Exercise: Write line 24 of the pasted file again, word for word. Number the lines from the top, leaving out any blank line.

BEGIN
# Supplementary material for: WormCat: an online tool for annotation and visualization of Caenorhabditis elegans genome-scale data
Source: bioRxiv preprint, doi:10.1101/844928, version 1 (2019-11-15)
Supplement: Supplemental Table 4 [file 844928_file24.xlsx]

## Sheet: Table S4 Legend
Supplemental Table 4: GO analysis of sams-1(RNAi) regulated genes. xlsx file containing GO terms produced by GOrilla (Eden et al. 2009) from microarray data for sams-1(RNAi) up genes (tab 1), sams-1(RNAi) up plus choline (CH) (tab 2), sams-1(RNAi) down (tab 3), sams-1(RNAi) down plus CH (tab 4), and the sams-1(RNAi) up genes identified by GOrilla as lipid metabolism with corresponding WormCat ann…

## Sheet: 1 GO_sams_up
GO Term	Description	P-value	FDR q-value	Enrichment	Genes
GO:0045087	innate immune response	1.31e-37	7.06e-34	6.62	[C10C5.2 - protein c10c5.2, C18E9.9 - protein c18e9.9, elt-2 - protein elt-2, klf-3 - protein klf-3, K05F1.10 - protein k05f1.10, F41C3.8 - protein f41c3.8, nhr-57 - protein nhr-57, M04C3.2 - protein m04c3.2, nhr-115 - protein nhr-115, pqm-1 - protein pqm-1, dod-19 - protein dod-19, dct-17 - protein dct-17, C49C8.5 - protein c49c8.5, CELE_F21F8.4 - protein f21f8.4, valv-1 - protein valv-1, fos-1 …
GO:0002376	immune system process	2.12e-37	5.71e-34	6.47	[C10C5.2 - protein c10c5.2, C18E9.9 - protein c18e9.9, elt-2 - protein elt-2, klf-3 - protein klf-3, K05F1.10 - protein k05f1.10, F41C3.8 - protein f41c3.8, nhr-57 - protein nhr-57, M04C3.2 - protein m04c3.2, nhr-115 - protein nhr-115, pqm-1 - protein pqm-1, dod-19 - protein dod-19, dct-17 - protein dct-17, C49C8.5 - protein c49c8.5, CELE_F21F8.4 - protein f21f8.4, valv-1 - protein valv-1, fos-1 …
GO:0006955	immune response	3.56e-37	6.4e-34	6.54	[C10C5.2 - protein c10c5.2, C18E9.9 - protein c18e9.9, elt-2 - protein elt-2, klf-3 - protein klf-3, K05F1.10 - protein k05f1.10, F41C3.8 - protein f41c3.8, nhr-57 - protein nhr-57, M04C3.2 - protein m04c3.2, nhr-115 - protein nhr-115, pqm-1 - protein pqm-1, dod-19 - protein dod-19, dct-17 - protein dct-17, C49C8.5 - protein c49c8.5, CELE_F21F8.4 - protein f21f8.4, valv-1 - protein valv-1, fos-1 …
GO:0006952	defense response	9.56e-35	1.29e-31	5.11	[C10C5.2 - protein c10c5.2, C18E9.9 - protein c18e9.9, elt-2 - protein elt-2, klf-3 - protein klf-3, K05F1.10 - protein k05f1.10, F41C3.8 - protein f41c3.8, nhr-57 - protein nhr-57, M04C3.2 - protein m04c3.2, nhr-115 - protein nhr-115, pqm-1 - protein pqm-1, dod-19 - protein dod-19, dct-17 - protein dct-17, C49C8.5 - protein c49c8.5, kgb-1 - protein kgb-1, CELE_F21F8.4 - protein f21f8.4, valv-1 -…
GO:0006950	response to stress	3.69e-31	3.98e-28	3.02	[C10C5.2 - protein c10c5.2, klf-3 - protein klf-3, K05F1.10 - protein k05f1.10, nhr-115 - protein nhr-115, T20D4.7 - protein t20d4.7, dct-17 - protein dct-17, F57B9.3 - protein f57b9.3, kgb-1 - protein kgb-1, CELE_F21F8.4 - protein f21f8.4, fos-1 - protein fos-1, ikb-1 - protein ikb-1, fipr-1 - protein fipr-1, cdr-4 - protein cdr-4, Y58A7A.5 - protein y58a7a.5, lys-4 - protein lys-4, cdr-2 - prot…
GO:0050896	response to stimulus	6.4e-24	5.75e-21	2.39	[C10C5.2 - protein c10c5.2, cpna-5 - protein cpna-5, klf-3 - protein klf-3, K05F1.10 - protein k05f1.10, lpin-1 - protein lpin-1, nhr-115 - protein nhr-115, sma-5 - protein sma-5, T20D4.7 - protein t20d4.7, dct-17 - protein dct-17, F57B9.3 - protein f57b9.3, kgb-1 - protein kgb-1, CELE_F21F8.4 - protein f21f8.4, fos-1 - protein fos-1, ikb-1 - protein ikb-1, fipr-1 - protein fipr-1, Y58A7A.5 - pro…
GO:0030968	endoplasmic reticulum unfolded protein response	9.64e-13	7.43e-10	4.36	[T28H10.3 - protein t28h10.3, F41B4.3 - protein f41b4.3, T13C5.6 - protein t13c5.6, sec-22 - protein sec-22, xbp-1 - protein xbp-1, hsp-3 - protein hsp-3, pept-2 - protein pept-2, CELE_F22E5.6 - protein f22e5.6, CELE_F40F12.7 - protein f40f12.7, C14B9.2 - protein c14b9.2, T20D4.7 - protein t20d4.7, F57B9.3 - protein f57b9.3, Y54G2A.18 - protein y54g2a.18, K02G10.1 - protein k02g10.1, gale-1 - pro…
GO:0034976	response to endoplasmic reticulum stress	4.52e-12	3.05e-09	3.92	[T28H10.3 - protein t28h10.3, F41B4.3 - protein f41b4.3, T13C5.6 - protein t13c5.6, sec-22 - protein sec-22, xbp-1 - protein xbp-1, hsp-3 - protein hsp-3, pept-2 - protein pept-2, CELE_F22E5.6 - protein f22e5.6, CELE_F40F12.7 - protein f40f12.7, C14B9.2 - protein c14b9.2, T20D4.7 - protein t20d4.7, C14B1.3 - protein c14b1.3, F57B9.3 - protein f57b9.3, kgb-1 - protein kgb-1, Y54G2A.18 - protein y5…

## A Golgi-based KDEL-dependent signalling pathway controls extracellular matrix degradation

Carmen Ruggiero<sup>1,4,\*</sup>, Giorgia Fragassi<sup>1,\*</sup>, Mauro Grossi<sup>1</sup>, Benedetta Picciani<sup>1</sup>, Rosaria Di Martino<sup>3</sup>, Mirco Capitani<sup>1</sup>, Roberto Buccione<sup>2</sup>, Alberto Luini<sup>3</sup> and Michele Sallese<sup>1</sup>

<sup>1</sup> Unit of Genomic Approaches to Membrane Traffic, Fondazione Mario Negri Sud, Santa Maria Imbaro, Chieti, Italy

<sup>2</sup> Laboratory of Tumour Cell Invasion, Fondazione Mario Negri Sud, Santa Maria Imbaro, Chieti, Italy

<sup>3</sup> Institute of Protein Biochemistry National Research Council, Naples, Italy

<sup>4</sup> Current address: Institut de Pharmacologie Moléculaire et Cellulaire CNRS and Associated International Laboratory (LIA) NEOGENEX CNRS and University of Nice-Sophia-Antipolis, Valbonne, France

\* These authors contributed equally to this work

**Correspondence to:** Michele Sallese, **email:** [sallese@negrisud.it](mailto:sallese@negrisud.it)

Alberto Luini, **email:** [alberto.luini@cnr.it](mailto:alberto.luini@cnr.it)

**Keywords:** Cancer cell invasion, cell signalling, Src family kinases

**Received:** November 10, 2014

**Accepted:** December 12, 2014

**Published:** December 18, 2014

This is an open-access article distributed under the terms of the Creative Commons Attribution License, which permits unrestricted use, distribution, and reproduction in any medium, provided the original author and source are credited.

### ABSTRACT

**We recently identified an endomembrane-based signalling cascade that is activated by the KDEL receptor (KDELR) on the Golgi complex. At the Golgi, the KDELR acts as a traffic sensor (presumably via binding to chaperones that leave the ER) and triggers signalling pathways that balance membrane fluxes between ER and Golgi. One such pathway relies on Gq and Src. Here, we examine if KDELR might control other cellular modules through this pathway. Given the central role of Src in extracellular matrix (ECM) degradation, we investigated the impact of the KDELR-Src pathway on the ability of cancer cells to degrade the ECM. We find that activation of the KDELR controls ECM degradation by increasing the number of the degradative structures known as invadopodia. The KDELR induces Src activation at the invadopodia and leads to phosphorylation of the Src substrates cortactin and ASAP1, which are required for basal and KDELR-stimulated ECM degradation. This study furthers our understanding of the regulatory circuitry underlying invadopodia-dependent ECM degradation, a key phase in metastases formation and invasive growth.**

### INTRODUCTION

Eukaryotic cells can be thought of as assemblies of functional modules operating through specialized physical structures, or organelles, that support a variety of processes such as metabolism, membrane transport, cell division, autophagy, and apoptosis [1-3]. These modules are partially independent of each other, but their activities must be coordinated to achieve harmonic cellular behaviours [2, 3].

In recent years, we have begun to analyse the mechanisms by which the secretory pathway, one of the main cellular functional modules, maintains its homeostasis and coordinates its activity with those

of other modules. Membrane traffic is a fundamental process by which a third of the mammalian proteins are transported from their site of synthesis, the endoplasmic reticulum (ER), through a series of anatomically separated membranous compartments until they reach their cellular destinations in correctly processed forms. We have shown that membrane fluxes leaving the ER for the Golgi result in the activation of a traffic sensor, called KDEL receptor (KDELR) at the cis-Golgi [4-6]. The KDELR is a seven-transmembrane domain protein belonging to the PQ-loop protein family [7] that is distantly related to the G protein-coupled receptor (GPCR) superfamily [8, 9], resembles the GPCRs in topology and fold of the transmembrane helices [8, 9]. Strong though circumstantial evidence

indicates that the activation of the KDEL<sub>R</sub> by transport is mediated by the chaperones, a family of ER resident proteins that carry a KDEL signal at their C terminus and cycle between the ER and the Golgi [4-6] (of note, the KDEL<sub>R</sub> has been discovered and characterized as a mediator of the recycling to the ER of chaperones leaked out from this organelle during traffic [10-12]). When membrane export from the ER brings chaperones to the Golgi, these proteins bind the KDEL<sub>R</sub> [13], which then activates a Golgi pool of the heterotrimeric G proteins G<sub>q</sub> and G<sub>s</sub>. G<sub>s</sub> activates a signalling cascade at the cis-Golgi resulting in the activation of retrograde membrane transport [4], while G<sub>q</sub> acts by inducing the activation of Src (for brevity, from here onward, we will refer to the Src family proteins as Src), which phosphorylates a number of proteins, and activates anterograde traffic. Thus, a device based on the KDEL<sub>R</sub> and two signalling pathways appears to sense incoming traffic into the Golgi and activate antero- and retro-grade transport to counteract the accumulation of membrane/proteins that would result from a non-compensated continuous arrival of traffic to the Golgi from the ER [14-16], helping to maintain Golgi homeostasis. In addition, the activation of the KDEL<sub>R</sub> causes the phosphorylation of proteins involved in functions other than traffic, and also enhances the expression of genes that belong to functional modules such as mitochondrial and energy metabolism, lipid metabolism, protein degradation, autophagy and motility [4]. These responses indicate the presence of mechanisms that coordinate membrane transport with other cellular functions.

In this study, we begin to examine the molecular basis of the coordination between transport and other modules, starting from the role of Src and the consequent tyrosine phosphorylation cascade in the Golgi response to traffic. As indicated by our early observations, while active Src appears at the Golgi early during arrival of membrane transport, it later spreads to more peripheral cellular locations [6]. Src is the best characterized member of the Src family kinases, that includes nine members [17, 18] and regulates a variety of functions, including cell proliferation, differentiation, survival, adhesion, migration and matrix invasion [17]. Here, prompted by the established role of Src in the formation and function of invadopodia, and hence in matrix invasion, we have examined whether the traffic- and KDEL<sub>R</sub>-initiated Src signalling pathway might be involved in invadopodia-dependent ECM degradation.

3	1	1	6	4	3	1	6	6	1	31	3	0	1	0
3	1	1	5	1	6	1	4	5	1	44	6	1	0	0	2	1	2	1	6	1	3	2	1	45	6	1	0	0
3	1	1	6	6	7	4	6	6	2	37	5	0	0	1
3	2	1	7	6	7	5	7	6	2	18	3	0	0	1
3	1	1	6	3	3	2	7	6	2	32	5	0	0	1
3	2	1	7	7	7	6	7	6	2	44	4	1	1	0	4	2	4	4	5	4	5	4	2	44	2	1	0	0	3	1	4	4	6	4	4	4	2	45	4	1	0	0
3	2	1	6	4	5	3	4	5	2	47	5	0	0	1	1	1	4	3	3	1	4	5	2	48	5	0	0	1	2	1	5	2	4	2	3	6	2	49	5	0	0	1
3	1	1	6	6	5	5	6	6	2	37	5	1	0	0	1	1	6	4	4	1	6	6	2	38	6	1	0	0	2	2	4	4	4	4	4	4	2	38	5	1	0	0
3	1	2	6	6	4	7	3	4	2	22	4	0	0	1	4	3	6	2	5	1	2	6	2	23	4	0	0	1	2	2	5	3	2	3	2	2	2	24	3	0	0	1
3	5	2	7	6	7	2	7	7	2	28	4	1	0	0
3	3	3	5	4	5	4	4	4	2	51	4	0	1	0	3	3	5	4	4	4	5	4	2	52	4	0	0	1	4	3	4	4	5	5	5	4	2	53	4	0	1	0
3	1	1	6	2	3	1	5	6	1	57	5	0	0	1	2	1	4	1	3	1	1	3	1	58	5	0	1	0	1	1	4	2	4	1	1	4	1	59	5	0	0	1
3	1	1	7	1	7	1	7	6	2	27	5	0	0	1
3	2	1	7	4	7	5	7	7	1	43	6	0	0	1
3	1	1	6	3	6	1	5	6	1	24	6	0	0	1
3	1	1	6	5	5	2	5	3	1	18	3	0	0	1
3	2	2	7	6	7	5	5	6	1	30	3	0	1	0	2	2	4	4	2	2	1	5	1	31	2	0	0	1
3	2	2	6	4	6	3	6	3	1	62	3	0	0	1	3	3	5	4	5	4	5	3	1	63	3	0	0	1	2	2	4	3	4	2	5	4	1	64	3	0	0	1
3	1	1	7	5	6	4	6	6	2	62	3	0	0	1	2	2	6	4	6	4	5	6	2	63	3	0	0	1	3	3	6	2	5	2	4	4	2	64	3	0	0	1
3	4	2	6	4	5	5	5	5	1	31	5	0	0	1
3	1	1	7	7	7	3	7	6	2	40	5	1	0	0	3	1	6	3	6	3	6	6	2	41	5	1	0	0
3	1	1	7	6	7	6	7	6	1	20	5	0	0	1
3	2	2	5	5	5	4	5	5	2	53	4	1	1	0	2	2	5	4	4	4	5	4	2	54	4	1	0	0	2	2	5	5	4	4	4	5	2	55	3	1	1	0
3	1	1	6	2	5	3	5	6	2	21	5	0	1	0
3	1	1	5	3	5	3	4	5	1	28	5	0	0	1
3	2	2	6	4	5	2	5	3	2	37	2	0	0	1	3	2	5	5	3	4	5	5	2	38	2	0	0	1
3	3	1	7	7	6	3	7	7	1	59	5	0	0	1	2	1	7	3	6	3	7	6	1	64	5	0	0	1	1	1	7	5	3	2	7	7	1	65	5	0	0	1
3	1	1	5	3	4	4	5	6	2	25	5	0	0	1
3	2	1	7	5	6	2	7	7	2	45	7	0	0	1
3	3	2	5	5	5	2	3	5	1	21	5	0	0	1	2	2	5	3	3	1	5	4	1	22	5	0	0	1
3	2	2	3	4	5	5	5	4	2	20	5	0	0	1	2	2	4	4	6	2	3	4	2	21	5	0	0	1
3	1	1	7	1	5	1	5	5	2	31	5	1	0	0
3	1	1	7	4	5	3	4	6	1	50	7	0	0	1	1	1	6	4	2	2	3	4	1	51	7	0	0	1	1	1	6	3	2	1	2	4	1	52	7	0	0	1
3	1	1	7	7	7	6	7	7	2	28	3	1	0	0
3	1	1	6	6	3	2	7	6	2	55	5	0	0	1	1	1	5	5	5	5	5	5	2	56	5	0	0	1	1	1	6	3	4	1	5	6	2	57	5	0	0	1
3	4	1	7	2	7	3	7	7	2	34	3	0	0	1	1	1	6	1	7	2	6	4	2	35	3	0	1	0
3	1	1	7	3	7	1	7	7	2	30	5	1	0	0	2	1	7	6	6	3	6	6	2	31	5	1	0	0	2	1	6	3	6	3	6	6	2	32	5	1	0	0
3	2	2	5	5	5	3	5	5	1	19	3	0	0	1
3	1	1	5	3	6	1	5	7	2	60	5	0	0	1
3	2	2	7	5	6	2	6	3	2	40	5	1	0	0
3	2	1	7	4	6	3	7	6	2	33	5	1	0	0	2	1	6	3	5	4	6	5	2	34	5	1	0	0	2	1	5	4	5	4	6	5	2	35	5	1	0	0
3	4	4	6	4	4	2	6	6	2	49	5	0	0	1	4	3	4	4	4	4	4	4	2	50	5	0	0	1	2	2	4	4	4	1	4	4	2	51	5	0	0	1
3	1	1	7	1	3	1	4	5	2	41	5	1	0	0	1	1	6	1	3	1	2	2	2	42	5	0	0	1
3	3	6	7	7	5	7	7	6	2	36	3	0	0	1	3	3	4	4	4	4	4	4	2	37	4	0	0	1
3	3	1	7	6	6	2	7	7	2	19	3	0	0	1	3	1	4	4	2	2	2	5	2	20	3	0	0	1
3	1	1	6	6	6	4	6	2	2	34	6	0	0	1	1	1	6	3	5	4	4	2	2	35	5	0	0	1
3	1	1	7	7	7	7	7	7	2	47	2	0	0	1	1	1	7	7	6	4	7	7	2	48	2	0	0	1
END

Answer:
Alberto Luini, **email:** [alberto.luini@cnr.it](mailto:alberto.luini@cnr.it)